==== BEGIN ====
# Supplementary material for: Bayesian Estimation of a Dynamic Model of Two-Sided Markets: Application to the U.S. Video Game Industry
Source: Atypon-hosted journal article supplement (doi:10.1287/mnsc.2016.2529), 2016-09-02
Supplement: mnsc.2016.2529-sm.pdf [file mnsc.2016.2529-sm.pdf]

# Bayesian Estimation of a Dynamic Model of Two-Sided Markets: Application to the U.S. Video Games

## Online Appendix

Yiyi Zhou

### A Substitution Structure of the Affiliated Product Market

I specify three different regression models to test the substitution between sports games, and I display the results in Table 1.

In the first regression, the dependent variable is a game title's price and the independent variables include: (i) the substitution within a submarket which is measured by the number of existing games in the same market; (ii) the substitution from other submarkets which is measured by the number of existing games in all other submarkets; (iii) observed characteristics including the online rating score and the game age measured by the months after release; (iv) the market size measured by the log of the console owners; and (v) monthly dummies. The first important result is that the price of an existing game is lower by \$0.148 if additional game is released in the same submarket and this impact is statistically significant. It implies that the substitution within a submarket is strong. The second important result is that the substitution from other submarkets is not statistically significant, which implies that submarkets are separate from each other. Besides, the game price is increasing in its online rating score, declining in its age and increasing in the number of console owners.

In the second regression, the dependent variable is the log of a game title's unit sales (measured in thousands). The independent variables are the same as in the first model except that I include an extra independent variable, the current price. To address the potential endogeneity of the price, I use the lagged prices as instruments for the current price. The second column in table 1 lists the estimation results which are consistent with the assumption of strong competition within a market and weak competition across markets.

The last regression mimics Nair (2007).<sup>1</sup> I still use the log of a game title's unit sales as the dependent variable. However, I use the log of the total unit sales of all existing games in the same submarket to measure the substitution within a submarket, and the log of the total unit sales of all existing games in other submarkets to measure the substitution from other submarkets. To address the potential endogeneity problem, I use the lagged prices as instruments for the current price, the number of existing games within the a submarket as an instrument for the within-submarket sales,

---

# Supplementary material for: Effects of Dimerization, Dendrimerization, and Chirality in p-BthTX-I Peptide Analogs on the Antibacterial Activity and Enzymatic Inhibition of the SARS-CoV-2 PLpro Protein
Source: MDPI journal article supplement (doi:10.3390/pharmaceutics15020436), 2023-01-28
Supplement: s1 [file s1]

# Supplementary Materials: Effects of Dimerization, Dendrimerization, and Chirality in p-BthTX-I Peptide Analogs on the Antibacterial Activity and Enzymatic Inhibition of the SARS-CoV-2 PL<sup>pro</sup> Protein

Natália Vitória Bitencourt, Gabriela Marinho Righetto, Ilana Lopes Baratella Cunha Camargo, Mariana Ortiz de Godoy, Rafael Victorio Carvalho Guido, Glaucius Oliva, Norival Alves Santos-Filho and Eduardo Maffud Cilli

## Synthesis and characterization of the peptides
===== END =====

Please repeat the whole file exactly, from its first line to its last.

# Supplementary material for: Bayesian Estimation of a Dynamic Model of Two-Sided Markets: Application to the U.S. Video Game Industry
Source: Atypon-hosted journal article supplement (doi:10.1287/mnsc.2016.2529), 2016-09-02
Supplement: mnsc.2016.2529-sm.pdf [file mnsc.2016.2529-sm.pdf]

# Bayesian Estimation of a Dynamic Model of Two-Sided Markets: Application to the U.S. Video Games

## Online Appendix

Yiyi Zhou

### A Substitution Structure of the Affiliated Product Market

I specify three different regression models to test the substitution between sports games, and I display the results in Table 1.

In the first regression, the dependent variable is a game title's price and the independent variables include: (i) the substitution within a submarket which is measured by the number of existing games in the same market; (ii) the substitution from other submarkets which is measured by the number of existing games in all other submarkets; (iii) observed characteristics including the online rating score and the game age measured by the months after release; (iv) the market size measured by the log of the console owners; and (v) monthly dummies. The first important result is that the price of an existing game is lower by \$0.148 if additional game is released in the same submarket and this impact is statistically significant. It implies that the substitution within a submarket is strong. The second important result is that the substitution from other submarkets is not statistically significant, which implies that submarkets are separate from each other. Besides, the game price is increasing in its online rating score, declining in its age and increasing in the number of console owners.

In the second regression, the dependent variable is the log of a game title's unit sales (measured in thousands). The independent variables are the same as in the first model except that I include an extra independent variable, the current price. To address the potential endogeneity of the price, I use the lagged prices as instruments for the current price. The second column in table 1 lists the estimation results which are consistent with the assumption of strong competition within a market and weak competition across markets.

The last regression mimics Nair (2007).<sup>1</sup> I still use the log of a game title's unit sales as the dependent variable. However, I use the log of the total unit sales of all existing games in the same submarket to measure the substitution within a submarket, and the log of the total unit sales of all existing games in other submarkets to measure the substitution from other submarkets. To address the potential endogeneity problem, I use the lagged prices as instruments for the current price, the number of existing games within the a submarket as an instrument for the within-submarket sales,

---

# Supplementary material for: Effects of Dimerization, Dendrimerization, and Chirality in p-BthTX-I Peptide Analogs on the Antibacterial Activity and Enzymatic Inhibition of the SARS-CoV-2 PLpro Protein
Source: MDPI journal article supplement (doi:10.3390/pharmaceutics15020436), 2023-01-28
Supplement: s1 [file s1]

# Supplementary Materials: Effects of Dimerization, Dendrimerization, and Chirality in p-BthTX-I Peptide Analogs on the Antibacterial Activity and Enzymatic Inhibition of the SARS-CoV-2 PL<sup>pro</sup> Protein

Natália Vitória Bitencourt, Gabriela Marinho Righetto, Ilana Lopes Baratella Cunha Camargo, Mariana Ortiz de Godoy, Rafael Victorio Carvalho Guido, Glaucius Oliva, Norival Alves Santos-Filho and Eduardo Maffud Cilli

## Synthesis and characterization of the peptides